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Protein–protein interaction sites are hot spots for disease-associated nonsynonymous SNPs

Authors

  • Alessia David,

    1. Centre for Integrative Systems Biology and Bioinformatics, Division of Molecular Biosciences, Department of Life Sciences, Imperial College London, London SW7 2AZ, UK
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  • Rozami Razali,

    1. Centre for Integrative Systems Biology and Bioinformatics, Division of Molecular Biosciences, Department of Life Sciences, Imperial College London, London SW7 2AZ, UK
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  • Mark N. Wass,

    Corresponding author
    1. Centre for Integrative Systems Biology and Bioinformatics, Division of Molecular Biosciences, Department of Life Sciences, Imperial College London, London SW7 2AZ, UK
    • Centre for Integrative Systems Biology and Bioinformatics, Division of Molecular Biosciences, Department of Life Sciences, Imperial College London, London SW7 2AZ, UK

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    • These authors contributed equally to this work and should be considered joint last authors.

  • Michael J.E. Sternberg

    Corresponding author
    1. Centre for Integrative Systems Biology and Bioinformatics, Division of Molecular Biosciences, Department of Life Sciences, Imperial College London, London SW7 2AZ, UK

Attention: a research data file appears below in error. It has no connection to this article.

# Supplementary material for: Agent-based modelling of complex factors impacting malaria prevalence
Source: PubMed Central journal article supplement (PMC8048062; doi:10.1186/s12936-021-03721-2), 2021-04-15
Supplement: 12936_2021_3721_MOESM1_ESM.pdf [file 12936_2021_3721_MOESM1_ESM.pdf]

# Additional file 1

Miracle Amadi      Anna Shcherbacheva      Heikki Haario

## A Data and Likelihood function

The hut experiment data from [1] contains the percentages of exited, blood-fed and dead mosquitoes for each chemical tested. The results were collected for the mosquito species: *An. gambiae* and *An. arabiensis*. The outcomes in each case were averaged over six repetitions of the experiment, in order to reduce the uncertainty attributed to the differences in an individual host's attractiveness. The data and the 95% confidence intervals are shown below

• Centre for Integrative Systems Biology and Bioinformatics, Division of Molecular Biosciences, Department of Life Sciences, Imperial College London, London SW7 2AZ, UK

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    • These authors contributed equally to this work and should be considered joint last authors.


  • Communicated by Mauno Vihinen

Abstract

Many nonsynonymous single nucleotide polymorphisms (nsSNPs) are disease causing due to effects at protein-protein interfaces. We have integrated a database of the three-dimensional (3D) structures of human protein/protein complexes and the humsavar database of nsSNPs. We analyzed the location of nsSNPS in terms of their location in the protein core, at protein-protein interfaces, and on the surface when not at an interface. Disease-causing nsSNPs that do not occur in the protein core are preferentially located at protein-protein interfaces rather than surface noninterface regions when compared to random segregation. The disruption of the protein-protein interaction can be explained by a range of structural effects including the loss of an electrostatic salt bridge, the destabilization due to reduction of the hydrophobic effect, the formation of a steric clash, and the introduction of a proline altering the main-chain conformation. Hum Mutat 33:359–363, 2012. © 2011 Wiley Periodicals, Inc.

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